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TP: John, I wonder if, in this video, you would be kind enough to explain the different types of dental occlusion or different types of bite that we encounter and how they impact on facial aesthetics.
JB: Sure. So this is a crash course in dentistry.
TP: Does that mean I can call myself a dentist at the end of this video?
JB: An orthodontics in 90 seconds, how’s that?
TP: Even better!
JB: So occlusion literally just means bite, and the two main classifications are molar classification and also incisor classification. Let’s have a look at the incisors first, and I’ve got a model here to let you know. If you feel behind the very back of your two front teeth you will notice a little bulge at the back, which is called the cingulum plateau. When the lower incisors are biting against it or just below it then that’s called an incisal relationship Class 1, and that is normal, so that is the ideal position. In a Class 2 incisal relationship there will be a discrepancy between that relationship, and the lower incisal edge will sit further behind that horizontal plane. There are 2 subdivisions for that, the upper central incisors may be proclined, and normally it’s about 109 degrees to the palatal plane, whereas the lower incisor is about 90 degrees, but the incisors are proclined, so instead of being in a Class 1, the incisors are splayed out.
TP: So this issue then becomes with the upper incisor and it’s position?
JB: Potentially with both, and that increased distance is called the overjet. A normal is around 2 mm and going way beyond that is known as an increased overjet. This becomes a problem because when we want to swallow we need to create a lip seal. Some people who have a deficient lower jaw will have an adapted swallow, so they may use their tongue or their lower lip in an abnormal way behind the central incisors, or with the upper lip, and this is moulding the teeth to stay in an overproclined way.
TP: Now, is this overproclination, in layman’s terms, at school is that what we would have called ‘buck teeth’?
JB: Yes, yes. And then you have Class 2 division 2, which is when the upper incisors are tilted back, so the overjet may be reduced, but there is still a Class 2 with the lower incisal edge still biting behind the cingulum plateau. In a Class 3, you have the opposite, where the lower incisal edge is anterior to the cingulum plateau, so we might often see when someone smiles, their lower teeth are on show and it’s almost a reverse bite, a reverse overjet.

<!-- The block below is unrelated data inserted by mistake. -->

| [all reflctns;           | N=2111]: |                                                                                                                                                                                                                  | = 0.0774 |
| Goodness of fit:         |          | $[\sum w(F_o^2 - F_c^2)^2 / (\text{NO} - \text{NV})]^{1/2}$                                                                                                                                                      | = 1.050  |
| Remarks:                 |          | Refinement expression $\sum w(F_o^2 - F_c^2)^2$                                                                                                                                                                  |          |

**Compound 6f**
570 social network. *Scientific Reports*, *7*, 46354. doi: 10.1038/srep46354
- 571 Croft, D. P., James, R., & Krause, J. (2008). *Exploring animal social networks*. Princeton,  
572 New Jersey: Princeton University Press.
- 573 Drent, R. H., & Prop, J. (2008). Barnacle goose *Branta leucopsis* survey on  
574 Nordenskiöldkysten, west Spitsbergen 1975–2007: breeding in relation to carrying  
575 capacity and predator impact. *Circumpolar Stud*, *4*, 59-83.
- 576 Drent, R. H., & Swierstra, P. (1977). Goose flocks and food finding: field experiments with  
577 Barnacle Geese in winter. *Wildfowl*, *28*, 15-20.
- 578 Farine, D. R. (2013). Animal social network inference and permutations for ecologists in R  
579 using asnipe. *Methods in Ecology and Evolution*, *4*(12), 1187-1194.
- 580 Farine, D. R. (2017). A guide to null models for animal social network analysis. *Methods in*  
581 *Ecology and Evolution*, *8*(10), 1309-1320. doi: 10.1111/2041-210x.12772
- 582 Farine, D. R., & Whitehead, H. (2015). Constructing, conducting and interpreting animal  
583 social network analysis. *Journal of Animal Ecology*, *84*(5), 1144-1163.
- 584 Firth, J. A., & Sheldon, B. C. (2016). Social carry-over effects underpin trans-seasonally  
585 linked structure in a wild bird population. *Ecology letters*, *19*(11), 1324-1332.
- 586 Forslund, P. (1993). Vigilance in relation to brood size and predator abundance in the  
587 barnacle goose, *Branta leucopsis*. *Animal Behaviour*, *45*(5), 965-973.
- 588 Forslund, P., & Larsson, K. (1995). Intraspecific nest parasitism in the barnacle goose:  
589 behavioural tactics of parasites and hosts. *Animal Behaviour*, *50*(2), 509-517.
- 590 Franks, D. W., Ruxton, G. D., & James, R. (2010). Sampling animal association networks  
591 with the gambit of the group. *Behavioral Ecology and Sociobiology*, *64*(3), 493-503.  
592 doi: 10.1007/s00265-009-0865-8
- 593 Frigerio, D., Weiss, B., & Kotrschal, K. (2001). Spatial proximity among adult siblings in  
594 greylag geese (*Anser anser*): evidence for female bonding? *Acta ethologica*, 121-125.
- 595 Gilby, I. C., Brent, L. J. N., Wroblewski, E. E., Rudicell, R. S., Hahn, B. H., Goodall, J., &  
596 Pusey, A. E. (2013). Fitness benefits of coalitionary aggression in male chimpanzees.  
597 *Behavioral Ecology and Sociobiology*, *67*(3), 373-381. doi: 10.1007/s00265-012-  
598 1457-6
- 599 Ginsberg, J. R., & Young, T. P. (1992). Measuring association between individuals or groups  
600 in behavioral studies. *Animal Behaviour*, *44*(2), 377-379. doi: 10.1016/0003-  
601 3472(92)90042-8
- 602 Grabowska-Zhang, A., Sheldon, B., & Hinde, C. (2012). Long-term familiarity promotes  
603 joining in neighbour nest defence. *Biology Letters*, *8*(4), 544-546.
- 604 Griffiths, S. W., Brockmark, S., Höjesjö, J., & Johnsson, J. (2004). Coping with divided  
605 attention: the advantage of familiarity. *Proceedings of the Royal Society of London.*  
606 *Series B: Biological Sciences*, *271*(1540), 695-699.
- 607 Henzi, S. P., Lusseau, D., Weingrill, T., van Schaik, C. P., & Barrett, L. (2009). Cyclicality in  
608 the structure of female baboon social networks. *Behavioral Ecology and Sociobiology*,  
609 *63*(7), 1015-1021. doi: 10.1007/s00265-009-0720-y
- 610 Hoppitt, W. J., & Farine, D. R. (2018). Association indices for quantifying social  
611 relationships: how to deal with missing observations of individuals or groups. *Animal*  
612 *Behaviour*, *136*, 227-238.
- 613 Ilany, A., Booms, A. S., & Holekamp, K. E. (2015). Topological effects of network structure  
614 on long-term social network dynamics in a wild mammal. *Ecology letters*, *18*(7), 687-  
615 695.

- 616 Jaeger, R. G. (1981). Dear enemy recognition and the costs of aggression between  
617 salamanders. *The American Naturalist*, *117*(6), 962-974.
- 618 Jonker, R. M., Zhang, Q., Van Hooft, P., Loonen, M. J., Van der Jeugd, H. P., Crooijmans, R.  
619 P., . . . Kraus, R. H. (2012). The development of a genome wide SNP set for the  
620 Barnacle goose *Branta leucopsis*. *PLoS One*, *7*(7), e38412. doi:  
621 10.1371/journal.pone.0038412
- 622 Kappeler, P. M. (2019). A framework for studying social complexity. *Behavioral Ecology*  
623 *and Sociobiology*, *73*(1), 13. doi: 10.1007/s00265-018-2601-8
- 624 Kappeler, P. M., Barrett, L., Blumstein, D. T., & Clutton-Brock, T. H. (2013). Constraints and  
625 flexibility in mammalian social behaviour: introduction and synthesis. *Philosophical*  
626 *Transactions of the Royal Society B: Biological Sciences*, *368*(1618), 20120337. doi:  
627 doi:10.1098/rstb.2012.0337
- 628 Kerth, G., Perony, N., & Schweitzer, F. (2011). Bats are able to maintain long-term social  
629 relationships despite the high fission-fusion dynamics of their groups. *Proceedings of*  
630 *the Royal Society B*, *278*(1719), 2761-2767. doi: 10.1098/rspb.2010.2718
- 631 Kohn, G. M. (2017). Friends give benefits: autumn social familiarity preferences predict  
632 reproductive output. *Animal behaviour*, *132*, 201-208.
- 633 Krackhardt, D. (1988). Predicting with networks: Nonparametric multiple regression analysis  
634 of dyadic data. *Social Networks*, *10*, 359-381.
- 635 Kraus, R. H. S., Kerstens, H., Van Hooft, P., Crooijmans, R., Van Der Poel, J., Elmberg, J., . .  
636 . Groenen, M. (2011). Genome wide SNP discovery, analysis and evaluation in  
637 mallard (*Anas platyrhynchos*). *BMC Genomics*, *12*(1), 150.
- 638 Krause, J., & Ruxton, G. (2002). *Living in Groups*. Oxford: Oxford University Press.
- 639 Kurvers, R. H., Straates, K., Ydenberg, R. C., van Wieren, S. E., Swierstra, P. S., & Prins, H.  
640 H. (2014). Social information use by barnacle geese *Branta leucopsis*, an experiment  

JB: That has implications with dental aesthetics, so when we assess before we do injectables, we ask them to smile and we look at dental show. If you have more proclination, you’re less likely to have a natural dental show. If they’re sitting at 109 degrees, you’re more likely to get what is natural – 2 to 4 mm of dental show in females or 0 to 1 mm in males. The same is true if they’re retroclined, they’re going to look darker, and so that may affect our smile aesthetics. Let’s move on to the molar relationship, and this was a gentleman called Angle, Angle’s classification. If you can see here on the video, this is the first molar. It has a number of cusps, but on the outer cusp you have a mesial cusp and a distal cusp, and this corresponds to the lower cusps on the lower side. The very front cusp should be sitting within the groove between the front and the back outer cusp of that lower molar. In a Class 2, that’s going to be posterior, and in a Class 3 it’s going to be forward. That isn’t really going to implicate anything within our aesthetic planning, what I really want you to take home is the incisal relationship.
TP: Understood. Does it naturally follow that if somebody has a Class 2 incisal relationship, they’re probably going to have a Class 2 molar relationship as well, or can they exist separately?
JB: Normally, if they haven’t had any dental extractions then they probably will exist in a similar way. However, with orthodontic treatment in teeth, the arches change in size so you may get it, it’s not exclusive.
TP: Okay, and you may or may not be privy to this information, but roughly, as a UK population, what percentage of the population do you think fall into the various 3 classes of incisal relationships?
JB: I think you will probably have about 17-20% will be in Class 3, about 30% in Class 2, and the remainder will be in Class 1.
TP: So the majority will be in Class 1, there’s a sizeable proportion in Class 2, and the least in Class 3?
TP: Wonderful, I think that really does clear it up, and I’ve been to so many congresses where people are talking about assessing the teeth but it’s often done by somebody with no dental training, like myself, and we often confuse terms like overbite with overjet and Class 2 and Class 3, etc.. I think that’s really useful, certainly from understanding the very basis of occlusion. Thank you very much.